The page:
Every 40 seconds, someone in the United States has a heart attack, with 790,000 Americans having a heart attack every year. After a heart attack, heart damage can affect heart rhythm, pumping action, and blood circulation. Damage can increase the risk of another heart attack or other conditions such as stroke and kidney disorders. A recent study published in the Medical Journal of Australia showed a gender disparity in treatment after a heart attack, leading to increased death rates and adverse cardiovascular events in women compared to men.
Heart attack, also known as myocardial infarction, occurs when the blood flow to the heart is blocked, most often due to a buildup of fat and cholesterol known as a plaque. Plaques can break away from the blood vessel which leads to clot formation, and the clot can block blood flow leading to damage to the heart muscle that is no longer receiving blood. A particular type of heart attack, ST-elevation myocardial infarction (STEMI), accounts for about 20% of all heart attack presentations. STEMI is caused by prolonged periods of completely blocked blood supply affecting a large area of the heart, it has a high risk of death and disability if not treated and responded too quickly. STEMI diagnosis utilizes electrocardiogram (ECG) because STEMI heart attacks give a unique ECG signature. After treatment STEMI recovery involves medications, lifestyle changes such as quitting smoking, cardiac rehabilitation, and appropriate diet.
Previous studies have shown sex differences in the management and outcomes of patients with acute coronary syndromes, but these analyses did not account for confounding factors that may affect the accuracy of findings. A new study, by leading cardiac specialists and researchers across Australia, sought to examine gender disparities in characteristics, management and clinical outcomes of patients with STEMI. Researchers analyzed data obtained from CONCORDANCE (Cooperative National Registry of Acute Coronary care, Guideline Adherence, and Clinical Events) for 41 Australian hospitals, encompassing metropolitan and rural locations, for 2898 patients (2183 men, 715 women), from 2009 to 2016. The primary outcome measured was total revascularization, while secondary outcomes included adverse cardiac event rates, clinical outcomes and preventative treatments at discharge, as well as mortality in the hospital and six months after admission.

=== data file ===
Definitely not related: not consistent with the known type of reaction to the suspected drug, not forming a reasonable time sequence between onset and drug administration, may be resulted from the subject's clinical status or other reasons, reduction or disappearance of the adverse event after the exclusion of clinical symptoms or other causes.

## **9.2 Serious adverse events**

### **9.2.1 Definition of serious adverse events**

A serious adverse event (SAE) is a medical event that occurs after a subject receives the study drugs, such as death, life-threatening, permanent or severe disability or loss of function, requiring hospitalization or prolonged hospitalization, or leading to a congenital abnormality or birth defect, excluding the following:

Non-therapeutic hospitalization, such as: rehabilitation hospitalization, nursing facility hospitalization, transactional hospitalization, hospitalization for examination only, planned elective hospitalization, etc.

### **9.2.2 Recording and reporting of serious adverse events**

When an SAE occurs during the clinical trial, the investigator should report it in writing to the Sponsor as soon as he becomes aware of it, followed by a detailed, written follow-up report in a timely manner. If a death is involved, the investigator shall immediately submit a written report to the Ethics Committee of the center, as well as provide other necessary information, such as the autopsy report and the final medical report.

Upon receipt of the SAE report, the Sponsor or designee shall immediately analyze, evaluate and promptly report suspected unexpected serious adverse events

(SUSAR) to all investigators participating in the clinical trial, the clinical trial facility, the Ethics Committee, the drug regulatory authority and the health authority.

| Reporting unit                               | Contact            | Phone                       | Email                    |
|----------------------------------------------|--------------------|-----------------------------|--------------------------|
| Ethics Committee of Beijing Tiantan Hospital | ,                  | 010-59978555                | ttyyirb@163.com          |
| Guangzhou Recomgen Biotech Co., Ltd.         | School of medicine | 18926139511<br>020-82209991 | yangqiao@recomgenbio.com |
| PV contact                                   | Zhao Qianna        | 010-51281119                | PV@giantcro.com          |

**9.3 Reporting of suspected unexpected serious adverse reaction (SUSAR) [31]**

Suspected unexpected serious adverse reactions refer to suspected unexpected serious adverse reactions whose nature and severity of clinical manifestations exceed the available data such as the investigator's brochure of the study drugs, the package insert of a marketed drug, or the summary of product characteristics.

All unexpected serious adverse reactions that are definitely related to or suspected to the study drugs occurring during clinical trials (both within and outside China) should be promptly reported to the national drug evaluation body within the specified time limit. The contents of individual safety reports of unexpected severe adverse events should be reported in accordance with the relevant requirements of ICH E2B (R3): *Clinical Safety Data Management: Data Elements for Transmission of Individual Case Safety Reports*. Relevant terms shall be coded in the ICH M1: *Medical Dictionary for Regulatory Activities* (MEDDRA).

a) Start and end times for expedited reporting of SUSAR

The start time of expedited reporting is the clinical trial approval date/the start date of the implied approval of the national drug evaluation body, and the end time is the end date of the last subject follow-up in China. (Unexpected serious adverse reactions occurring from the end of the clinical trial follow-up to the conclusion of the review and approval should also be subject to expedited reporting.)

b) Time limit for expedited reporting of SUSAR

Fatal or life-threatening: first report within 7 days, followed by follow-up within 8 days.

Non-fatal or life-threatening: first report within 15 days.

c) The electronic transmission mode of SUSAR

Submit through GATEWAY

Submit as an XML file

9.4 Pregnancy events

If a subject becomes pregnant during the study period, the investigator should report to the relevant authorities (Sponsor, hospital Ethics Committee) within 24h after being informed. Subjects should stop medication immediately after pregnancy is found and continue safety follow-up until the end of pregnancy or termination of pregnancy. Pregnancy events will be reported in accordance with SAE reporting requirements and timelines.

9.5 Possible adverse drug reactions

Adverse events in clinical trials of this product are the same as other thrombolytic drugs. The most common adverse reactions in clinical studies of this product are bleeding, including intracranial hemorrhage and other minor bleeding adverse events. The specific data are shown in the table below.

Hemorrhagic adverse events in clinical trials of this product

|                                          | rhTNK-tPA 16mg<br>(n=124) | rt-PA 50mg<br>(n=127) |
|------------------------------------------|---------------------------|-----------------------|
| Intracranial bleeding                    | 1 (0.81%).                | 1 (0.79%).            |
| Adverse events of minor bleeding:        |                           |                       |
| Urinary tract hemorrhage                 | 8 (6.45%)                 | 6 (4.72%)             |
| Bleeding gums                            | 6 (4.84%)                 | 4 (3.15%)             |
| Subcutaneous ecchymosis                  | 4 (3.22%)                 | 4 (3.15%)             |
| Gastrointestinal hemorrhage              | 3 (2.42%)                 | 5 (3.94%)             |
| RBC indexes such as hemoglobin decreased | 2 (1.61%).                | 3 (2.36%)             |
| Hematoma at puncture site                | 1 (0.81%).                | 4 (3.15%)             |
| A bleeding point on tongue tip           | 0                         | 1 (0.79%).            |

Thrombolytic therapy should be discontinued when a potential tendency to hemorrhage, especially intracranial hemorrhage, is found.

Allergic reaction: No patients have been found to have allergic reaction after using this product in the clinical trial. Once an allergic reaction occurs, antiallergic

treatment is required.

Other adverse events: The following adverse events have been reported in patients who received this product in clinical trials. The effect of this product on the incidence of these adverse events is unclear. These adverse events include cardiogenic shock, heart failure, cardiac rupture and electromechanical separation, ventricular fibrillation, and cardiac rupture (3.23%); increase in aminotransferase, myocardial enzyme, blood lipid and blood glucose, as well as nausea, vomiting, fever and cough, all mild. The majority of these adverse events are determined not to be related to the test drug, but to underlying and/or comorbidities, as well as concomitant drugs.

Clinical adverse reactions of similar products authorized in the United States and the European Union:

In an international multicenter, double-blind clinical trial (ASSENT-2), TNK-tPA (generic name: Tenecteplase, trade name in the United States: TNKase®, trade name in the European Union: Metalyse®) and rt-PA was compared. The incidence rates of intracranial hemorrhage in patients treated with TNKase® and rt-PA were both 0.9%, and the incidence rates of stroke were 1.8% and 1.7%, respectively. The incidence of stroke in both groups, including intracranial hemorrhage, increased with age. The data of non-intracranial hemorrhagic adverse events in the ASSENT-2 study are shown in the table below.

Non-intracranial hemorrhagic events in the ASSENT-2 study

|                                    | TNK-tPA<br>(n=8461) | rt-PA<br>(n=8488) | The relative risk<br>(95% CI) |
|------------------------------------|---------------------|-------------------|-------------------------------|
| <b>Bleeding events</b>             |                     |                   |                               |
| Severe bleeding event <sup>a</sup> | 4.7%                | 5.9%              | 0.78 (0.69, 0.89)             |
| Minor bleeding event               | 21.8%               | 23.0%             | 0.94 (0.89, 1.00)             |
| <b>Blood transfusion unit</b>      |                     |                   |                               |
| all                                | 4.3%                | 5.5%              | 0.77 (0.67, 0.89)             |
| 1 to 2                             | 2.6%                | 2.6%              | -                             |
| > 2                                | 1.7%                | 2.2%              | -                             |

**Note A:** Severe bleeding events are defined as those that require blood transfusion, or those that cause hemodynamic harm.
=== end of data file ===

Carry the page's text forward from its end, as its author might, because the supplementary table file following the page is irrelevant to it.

Of the patients analyzed the average age of women with STEMI was 66.6 and the average age of me 60.5 years. More women had hypertension, diabetes, prior stroke, kidney disease, heart failure, or dementia while fewer had the history or previous coronary artery disease or heart attack compared to men. Analysis of the CONCORDANCE data showed that women were twice as likely to die or have severe adverse cardiovascular events when presenting with STEMI in the past decade compared to men. Women with STEMI were less likely to receive invasive management, revascularization, or preventative medication at discharge. The reason for this under-treatment and management of women with STEMI is unclear; it may be due to the poor awareness that women are generally at higher risk with STEMI or lack of use of objective, reliable risk prediction tools.
The study will prompt more focus and attention on treating women with STEMI with evidence-based treatment. The study’s senior author, Dr. Clara Chow from the University of Sydney’s Westmead Hospital, said “Whatever the cause, these differences aren't justified. We need to do more research to discover why women suffering serious heart attacks are being under-investigated by health services and urgently identify ways to redress the disparity in treatment and health outcomes."
To read the study click here. To learn more about STEMI watch the video below!